It was doubtless their intention to burn us up altogether, butseeing the ship, and being eager for more plunder they did not stopfully to accomplish their design. She was a low strait schooner ofabout one hundred and fifty tons, painted black with a narrow whitestreak, a large head with the horn of plenty painted white, largemaintopmast but no yards or sail on it. Mast raked very much,mainsail very square at the head, sails made with split cloth andall new; had two long brass twelve pounders and a large gun on apivot amidships, and about seventy men, who appeared to be chieflySpaniards and mulattoes.


Soto, thus satisfied, bent his course to Europe. On his voyagehe fell in with a small brig, boarded, plundered, sunk her, and,that he might not again run the hazard of encountering livingwitnesses of his guilt, murdered the crew, with the exception ofone individual, whom he took along with him, on account of hisknowledge of the course to Corunna, whither he intended to proceed.But, faithful to his principles of self-protection, as soon as hehad made full use of the unfortunate sailor, and found himself insight of the destined port, he came up to him at the helm, which heheld in his hand, "My friend," said he "is that the harbor ofCorunna?"--"Yes," was the reply. "Then," rejoined Soto, "You havedone your duty well, and I am obliged to you for your services." Onthe instant he drew a pistol and shot the man; then coolly flunghis body overboard, took the helm himself, and steered into hisnative harbor as little concerned as if he had returned from anhonest voyage. At this port he obtained papers in a false name,disposed of a great part of his booty, and after a short stay setout for Cadiz, where he expected a market for the remainder. He hada fair wind until he came within sight of the coast near that city.It was coming on dark and he lay to, expecting to go into hisanchorage next morning, but the wind shifted to the westward, andsuddenly began to blow a heavy gale; it was right on the land. Heluffed his ship as close to the wind as possible, in order to cleara point that stretched outward, and beat off to windward, but hislee-way carried him towards the land, and he was caught when heleast expected the trap. The gale increased--the night grew pitchydark--the roaring breakers were on his lee-beam--the driftingvessel strikes, rebounds, and strikes again--the cry of horrorrings through the flapping cordage, and despair is in the eyes ofthe demon-crew. Helpless they lie amid the wrath of the storm, andthe darkened face of Heaven, for the first time, strikes terror ontheir guilty hearts. Death is before them, but not with a mercifulquickness does he approach; hour after hour the frightful visionglares upon them, and at length disappears only to come upon themagain in a more dreadful form. The tempest abates, and the sinnerswere spared for the time.


In this den the villain remained for a few weeks, and duringthis time seemed to enjoy himself as if he had never committed amurder. The story he told Basso of his circumstances was, that hehad come to Gibraltar on his way to Cadiz from Malaga, and wasmerely awaiting the arrival of a friend. He dressedexpensively--generally wore a white hat of the best Englishquality, silk stockings, white trowsers, and blue frock coat. Hiswhiskers were large and bushy, and his hair, which was very black,profuse, long and naturally curled, was much in the style of aLondon preacher of prophetic and anti-poetic notoriety. He wasdeeply browned with the sun, and had an air and gait expressive ofhis bold, enterprising, and desperate mind. Indeed, when I saw himin his cell and at his trial, although his frame was attenuatedalmost to a skeleton, the color of his face a pale yellow, his eyessunken, and hair closely shorn; he still exhibited strong traces ofwhat he had been, still retained his erect and fearless carriage,his quick, fiery, and malevolent eye, his hurried and concisespeech, and his close and pertinent style of remark. He appeared tome such a man as would have made a hero in the ranks of hiscountry, had circumstances placed him in the proper road to fame;but ignorance and poverty turned into the most ferocious robber,one who might have rendered service and been an honor to his sunkencountry. I should like to hear what the phrenologists say of hishead; it appeared to me to be the most peculiar I had ever seen,and certainly, as far as the bump of destructiveness went,bore the theory fully out. It is rumored here that the skull hasbeen sent to the savans of Edinburg; if this be the case, weshall no doubt be made acquainted with their sage opinions upon thesubject, and great conquerors will receive a farther assurance ofhow much they resemble in their physical natures the greatestmurderers.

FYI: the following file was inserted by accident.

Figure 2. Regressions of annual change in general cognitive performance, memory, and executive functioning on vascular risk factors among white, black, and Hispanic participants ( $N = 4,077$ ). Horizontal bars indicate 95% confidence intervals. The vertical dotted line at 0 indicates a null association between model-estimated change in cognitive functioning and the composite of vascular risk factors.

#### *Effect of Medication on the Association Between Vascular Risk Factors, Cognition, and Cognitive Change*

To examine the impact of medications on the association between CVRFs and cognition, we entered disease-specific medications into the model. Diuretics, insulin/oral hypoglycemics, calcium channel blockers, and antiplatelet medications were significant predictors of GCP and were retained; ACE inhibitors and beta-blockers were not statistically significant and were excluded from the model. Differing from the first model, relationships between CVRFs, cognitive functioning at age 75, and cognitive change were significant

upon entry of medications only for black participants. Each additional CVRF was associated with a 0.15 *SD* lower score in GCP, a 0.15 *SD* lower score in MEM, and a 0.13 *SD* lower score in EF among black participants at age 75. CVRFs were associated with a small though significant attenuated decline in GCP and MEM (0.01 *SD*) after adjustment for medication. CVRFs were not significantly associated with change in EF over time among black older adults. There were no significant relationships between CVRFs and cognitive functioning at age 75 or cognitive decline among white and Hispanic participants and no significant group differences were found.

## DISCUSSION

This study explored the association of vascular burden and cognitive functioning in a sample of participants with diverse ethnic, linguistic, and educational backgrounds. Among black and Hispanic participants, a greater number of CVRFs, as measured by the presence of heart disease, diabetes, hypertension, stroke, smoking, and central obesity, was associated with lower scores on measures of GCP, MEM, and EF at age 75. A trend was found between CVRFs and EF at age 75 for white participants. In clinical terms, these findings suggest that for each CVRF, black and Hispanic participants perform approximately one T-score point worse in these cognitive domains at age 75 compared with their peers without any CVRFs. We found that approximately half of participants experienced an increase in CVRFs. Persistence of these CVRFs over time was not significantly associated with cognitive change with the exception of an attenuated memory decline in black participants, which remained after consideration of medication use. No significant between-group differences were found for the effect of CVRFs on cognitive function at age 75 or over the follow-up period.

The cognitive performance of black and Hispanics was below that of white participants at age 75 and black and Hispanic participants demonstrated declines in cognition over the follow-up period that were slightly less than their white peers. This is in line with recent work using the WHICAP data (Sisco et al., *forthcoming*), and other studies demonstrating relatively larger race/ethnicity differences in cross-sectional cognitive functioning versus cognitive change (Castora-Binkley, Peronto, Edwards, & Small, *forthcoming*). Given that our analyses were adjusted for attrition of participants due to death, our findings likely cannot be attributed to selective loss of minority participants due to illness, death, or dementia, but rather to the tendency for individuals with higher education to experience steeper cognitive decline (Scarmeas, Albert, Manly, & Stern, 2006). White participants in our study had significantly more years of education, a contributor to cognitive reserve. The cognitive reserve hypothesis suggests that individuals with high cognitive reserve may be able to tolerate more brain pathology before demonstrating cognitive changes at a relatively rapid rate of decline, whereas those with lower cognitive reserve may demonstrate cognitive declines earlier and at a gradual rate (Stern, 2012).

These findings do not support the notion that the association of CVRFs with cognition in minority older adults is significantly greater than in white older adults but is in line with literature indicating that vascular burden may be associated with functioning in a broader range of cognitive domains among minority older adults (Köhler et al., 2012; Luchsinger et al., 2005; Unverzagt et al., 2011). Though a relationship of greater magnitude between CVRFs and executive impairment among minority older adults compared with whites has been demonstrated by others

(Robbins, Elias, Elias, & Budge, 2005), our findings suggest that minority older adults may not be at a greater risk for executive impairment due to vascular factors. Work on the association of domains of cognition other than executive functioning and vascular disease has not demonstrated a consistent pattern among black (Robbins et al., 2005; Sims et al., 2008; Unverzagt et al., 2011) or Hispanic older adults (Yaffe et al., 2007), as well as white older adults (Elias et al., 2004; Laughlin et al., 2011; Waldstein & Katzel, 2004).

When I visited the pirate in the Moorish castle where he wasconfined, he was sitting in his cold, narrow, and miserable cell,upon a pallet of straw, eating his coarse meal from a tin plate. Ithought him more an object of pity than vengeance; he looked soworn with disease, so crushed with suffering, yet so affable,frank, and kind in his address; for he happened to be in acommunicative mood, a thing that was by no means common with him.He spoke of his long confinement, till I thought the tears wereabout to start from his eyes, and alluded to his approaching trialwith satisfaction; but his predominant characteristic, ferocity,appeared in his small piercing black eyes before I left him, as healluded to his keeper, the Provost, in such a way that made mesuspect his desire for blood was not yet extinguished. When heappeared in court on his trial, his demeanor was quite altered; heseemed to me to have suddenly risen out of the wretch he was in hiscell, to all the qualities I had heard of him; he stood erect andunembarrassed; he spoke with a strong voice, attended closely tothe proceedings, occasionally examined the witnesses, and at theconclusion protested against the justice of his trial. He sometimesspoke to the guards around him, and sometimes affected an air ofcarelessness of his awful situation, which, however, did not siteasy upon him. Even here the leading trait of his mind broke forth;for when the interpreter commenced his office, the language whichhe made use of being pedantic and affected, Soto interrupted himthus, while a scowl sat upon his brow that terrified the man ofwords: "I don't understand you, man; speak Spanish like others, andI'll listen to you." When the dirk that belonged to Mr. Robertson,the trunk and clothes taken from Mr. Gibson, and the pocket bookcontaining the ill-fated captain's handwriting were placed beforehim, and proved to have been found in his room, and when the maidservant of the tavern proved that she found the dirk under hispillow every morning on arranging his bed; and when he wasconfronted with his own black slave, between two wax lights, thecountenance of the villain appeared in its true nature, notdepressed nor sorrowful, but vivid and ferocious; and when thepatient and dignified governor, Sir George Don, passed the justsentence of the law upon him, he looked daggers at his heart, andassumed a horrid silence, more eloquent than words.